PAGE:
By the early 20th century, however, many countries in the West grew increasingly alarmed at the potentiality for cannabis to be consumed for its inebriating effects.5 Following World War II, these concerns culminated in the passage of a series of federal legislation that made it either difficult or illegal to produce cannabis in any form, including for purely industrial purposes.
Prior to and throughout the century-long debate on the federal treatment of the cannabis plant, however, individual states have developed a wide range of policy alternatives to regulate its production, sales, and use. Although many states very recently have taken widely publicized actions to regulate cannabis within their own borders, states have been developing unique policy regimes to accomplish that same task dating back to the late 19th century.
This paper makes three facts particularly clear. First, cannabis played a central role in the forming of the American republic. Second, states have historically taken the lead in regulating the market for cannabis products that contain the psychoactive cannabinoid THC within their own borders. Third, federal action to outlaw marijuana was unfounded on the science, was used as justification for growth of the federal bureaucracy, and has created tense friction with state governments regarding the federal allocation of powers under the U.S. Constitution.
There is no evidence that states intend to relinquish to federal agencies the power to regulate marijuana within their borders. To the contrary, a growing number of states are passing laws to legalize marijuana for either medical or recreational purposes as a direct affront to federal assertions of power under the Filburn interpretation of the Interstate Commerce Clause. Although early versions of these laws were almost exclusively passed by voter initiative, state lawmakers have increasingly considered legalization statutes through the legislative process. In 2018, Vermont became the first state to legalize marijuana for recreational use by a legislative act, indicating antipathy from even state policymakers toward the federal assertion of power in this area.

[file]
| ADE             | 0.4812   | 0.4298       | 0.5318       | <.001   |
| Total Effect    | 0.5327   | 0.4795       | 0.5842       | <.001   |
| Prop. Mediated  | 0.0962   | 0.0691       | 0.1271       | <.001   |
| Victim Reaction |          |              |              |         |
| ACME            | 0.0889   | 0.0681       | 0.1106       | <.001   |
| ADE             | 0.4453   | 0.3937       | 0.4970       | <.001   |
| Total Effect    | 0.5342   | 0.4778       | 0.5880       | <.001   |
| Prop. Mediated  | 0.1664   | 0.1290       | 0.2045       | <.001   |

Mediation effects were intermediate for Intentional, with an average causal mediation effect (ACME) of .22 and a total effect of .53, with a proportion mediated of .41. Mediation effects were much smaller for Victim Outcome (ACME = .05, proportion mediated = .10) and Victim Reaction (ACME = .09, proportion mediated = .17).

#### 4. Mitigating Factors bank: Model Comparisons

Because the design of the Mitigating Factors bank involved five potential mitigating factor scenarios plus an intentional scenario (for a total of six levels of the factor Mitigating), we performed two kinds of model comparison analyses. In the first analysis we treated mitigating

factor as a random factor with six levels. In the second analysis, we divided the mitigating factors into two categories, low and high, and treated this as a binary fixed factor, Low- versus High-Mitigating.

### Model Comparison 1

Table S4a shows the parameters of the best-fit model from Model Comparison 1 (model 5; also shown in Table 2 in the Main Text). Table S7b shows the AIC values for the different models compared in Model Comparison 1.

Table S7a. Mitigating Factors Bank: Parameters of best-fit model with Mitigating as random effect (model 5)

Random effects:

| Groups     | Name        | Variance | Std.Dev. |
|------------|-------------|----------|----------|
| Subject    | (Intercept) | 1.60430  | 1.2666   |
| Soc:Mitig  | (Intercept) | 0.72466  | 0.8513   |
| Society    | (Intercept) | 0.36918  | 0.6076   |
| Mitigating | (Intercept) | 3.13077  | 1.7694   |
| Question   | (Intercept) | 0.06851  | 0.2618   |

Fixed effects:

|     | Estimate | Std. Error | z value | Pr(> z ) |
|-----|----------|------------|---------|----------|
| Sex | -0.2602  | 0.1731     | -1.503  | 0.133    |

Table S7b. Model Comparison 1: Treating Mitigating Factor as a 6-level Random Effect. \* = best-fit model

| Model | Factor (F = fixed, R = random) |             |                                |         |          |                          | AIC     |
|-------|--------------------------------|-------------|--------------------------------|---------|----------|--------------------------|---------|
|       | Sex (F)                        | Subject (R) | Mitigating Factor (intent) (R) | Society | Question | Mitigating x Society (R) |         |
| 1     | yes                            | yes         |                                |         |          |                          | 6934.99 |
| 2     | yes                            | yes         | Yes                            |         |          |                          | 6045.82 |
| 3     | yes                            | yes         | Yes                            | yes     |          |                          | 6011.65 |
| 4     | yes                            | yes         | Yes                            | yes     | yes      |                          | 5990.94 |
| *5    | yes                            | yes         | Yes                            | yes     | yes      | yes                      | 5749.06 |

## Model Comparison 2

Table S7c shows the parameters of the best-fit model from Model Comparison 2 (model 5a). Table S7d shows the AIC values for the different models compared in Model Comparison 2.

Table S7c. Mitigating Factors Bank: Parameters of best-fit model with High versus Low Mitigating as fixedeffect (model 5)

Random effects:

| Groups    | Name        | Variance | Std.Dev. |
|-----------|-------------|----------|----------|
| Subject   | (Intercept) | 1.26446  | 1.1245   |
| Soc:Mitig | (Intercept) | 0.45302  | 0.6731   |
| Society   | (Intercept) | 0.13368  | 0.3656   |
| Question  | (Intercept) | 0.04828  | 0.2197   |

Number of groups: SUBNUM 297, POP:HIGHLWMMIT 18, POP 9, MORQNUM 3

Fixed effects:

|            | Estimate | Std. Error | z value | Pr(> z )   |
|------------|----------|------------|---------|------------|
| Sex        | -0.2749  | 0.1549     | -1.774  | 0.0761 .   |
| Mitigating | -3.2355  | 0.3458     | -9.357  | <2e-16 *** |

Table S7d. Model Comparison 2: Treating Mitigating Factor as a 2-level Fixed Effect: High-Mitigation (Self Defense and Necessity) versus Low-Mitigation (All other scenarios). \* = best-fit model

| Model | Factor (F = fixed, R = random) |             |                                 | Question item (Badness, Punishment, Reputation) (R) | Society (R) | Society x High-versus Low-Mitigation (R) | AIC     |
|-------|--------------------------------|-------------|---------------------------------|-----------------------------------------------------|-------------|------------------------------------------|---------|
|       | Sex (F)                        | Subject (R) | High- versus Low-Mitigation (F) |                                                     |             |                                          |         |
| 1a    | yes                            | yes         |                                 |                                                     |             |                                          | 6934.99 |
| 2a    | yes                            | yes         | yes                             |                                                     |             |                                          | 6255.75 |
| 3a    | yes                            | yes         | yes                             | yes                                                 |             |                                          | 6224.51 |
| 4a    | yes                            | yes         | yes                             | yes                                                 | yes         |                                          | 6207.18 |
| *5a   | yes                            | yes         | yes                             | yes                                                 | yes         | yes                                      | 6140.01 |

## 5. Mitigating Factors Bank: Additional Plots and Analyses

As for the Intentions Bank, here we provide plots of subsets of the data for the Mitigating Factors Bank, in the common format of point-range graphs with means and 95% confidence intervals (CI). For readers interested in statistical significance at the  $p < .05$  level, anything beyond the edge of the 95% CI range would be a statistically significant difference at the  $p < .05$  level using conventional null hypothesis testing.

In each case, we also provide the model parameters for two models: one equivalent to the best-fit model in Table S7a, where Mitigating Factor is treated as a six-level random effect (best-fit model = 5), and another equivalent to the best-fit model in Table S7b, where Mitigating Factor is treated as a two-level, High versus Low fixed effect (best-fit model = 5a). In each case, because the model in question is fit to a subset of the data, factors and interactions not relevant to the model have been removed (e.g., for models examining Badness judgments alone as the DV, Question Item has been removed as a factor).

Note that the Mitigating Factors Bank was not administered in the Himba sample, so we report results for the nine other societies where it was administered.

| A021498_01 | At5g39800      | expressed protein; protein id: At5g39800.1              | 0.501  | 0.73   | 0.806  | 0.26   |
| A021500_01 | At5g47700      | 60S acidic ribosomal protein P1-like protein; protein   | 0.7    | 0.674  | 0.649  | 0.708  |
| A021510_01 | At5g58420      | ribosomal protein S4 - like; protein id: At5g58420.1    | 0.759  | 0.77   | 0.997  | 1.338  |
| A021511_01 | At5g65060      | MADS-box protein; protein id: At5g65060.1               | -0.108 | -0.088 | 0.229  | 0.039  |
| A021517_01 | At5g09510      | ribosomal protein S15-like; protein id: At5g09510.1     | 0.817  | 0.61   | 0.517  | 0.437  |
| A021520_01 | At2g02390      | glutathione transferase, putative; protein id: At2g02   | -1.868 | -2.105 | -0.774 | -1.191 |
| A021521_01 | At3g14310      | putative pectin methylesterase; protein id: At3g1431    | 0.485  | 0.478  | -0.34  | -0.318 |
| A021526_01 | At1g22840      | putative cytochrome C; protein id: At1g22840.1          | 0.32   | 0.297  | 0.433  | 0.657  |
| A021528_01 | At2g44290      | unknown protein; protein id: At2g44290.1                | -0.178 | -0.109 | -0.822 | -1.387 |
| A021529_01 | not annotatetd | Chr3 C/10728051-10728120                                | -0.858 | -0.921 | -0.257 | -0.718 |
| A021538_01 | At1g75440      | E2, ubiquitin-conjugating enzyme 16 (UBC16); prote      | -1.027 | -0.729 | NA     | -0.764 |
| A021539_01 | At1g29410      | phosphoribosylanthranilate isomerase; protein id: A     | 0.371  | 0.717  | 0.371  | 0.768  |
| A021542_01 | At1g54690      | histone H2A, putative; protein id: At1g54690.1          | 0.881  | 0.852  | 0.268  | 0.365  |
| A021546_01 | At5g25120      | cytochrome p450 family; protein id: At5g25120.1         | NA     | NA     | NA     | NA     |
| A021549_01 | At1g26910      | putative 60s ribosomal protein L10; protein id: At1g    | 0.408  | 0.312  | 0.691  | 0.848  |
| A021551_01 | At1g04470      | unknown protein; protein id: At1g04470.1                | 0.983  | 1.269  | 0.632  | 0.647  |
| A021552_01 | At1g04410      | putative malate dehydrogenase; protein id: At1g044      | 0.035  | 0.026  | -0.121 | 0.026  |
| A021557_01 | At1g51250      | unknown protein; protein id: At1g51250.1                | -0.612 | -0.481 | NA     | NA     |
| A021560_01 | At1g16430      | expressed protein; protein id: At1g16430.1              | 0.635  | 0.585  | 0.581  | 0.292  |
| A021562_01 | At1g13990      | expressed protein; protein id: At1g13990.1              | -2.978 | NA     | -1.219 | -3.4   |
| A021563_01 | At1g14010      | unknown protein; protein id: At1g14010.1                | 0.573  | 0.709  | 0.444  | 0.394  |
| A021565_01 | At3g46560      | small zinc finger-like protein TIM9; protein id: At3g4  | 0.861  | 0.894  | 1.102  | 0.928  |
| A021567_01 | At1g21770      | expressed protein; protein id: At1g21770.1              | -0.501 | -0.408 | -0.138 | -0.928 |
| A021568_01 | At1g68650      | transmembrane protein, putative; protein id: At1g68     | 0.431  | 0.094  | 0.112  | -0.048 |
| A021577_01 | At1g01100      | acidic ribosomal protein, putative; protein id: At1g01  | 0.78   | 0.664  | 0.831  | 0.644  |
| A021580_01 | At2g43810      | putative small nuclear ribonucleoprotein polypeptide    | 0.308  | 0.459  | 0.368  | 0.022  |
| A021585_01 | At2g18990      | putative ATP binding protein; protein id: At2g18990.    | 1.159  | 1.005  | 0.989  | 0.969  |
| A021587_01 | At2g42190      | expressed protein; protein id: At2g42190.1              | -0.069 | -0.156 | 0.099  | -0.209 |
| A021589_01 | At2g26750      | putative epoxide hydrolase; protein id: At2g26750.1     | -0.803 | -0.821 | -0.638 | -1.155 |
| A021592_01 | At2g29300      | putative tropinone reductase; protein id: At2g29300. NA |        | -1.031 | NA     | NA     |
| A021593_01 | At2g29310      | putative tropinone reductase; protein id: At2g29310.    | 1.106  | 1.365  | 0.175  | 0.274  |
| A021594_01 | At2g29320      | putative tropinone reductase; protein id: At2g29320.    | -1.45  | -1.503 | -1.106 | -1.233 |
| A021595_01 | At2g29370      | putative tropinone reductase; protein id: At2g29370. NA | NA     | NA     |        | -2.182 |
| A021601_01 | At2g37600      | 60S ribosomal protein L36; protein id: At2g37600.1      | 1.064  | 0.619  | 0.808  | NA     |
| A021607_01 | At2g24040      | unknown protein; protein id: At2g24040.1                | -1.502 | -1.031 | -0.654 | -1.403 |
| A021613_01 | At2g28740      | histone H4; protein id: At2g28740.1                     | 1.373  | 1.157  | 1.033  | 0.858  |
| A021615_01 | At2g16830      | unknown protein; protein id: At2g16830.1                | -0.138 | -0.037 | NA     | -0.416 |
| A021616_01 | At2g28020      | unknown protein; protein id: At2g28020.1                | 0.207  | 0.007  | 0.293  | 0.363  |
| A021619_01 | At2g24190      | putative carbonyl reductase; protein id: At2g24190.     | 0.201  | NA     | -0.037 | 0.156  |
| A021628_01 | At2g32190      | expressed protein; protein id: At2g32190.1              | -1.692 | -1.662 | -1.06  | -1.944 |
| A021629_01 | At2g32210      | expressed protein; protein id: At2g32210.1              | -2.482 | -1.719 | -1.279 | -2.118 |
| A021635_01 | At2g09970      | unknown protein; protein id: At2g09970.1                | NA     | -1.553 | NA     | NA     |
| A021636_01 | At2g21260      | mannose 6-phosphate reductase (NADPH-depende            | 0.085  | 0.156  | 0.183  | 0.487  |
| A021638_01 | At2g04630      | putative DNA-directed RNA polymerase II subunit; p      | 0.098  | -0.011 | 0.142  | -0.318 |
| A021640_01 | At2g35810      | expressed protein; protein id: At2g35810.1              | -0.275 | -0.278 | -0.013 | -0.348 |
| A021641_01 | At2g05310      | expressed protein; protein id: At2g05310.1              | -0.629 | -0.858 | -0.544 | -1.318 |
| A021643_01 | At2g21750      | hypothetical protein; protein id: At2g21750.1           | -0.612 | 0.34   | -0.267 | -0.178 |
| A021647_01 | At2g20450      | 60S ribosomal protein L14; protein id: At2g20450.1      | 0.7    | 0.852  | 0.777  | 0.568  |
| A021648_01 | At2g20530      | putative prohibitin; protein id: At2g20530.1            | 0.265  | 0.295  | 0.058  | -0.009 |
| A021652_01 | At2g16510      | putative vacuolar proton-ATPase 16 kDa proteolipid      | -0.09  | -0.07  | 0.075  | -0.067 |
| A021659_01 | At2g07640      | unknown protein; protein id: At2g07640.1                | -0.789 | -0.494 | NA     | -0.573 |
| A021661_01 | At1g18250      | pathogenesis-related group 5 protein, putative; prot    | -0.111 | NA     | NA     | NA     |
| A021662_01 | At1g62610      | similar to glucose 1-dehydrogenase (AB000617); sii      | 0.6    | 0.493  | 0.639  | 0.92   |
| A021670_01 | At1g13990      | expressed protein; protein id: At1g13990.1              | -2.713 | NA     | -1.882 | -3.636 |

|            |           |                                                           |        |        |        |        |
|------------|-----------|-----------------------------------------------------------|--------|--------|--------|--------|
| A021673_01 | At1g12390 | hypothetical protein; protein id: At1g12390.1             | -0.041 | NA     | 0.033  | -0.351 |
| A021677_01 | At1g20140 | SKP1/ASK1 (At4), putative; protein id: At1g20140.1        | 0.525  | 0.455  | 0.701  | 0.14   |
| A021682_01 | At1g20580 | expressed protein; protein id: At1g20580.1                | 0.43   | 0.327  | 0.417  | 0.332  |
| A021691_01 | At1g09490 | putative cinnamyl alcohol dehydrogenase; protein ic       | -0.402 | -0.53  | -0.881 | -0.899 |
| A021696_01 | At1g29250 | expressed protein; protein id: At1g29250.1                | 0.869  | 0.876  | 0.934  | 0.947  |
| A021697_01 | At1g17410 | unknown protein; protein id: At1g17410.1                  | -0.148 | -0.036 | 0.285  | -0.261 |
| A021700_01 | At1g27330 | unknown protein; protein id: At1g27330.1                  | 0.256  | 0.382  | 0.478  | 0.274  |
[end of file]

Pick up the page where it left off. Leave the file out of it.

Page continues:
Predicting the future is difficult, and no one knows how this conflict will ultimately be resolved. Congress may elect to end the federal prohibition of marijuana at any point, such as through a reclassification under the Controlled Substances Act or another means. It has recently taken similar action with regard to low-THC strains of cannabis, or hemp, which is now protected from prosecution under the Controlled Substances Act when grown under a license issued by the U.S. Department of Agriculture pursuant to provisions of the 2018 Agriculture Act. Alternatively, Congress might restore the traditional interpretation of the Interstate Commerce Clause by reserving to the states the undisputed power to regulate marijuana within their borders.
On the other end of the spectrum, Congress may elect to crack down more forcefully on state marijuana programs and the businesses they license. One thing is for certain though: The status quo, given all the staunchly competing interests, is untenable.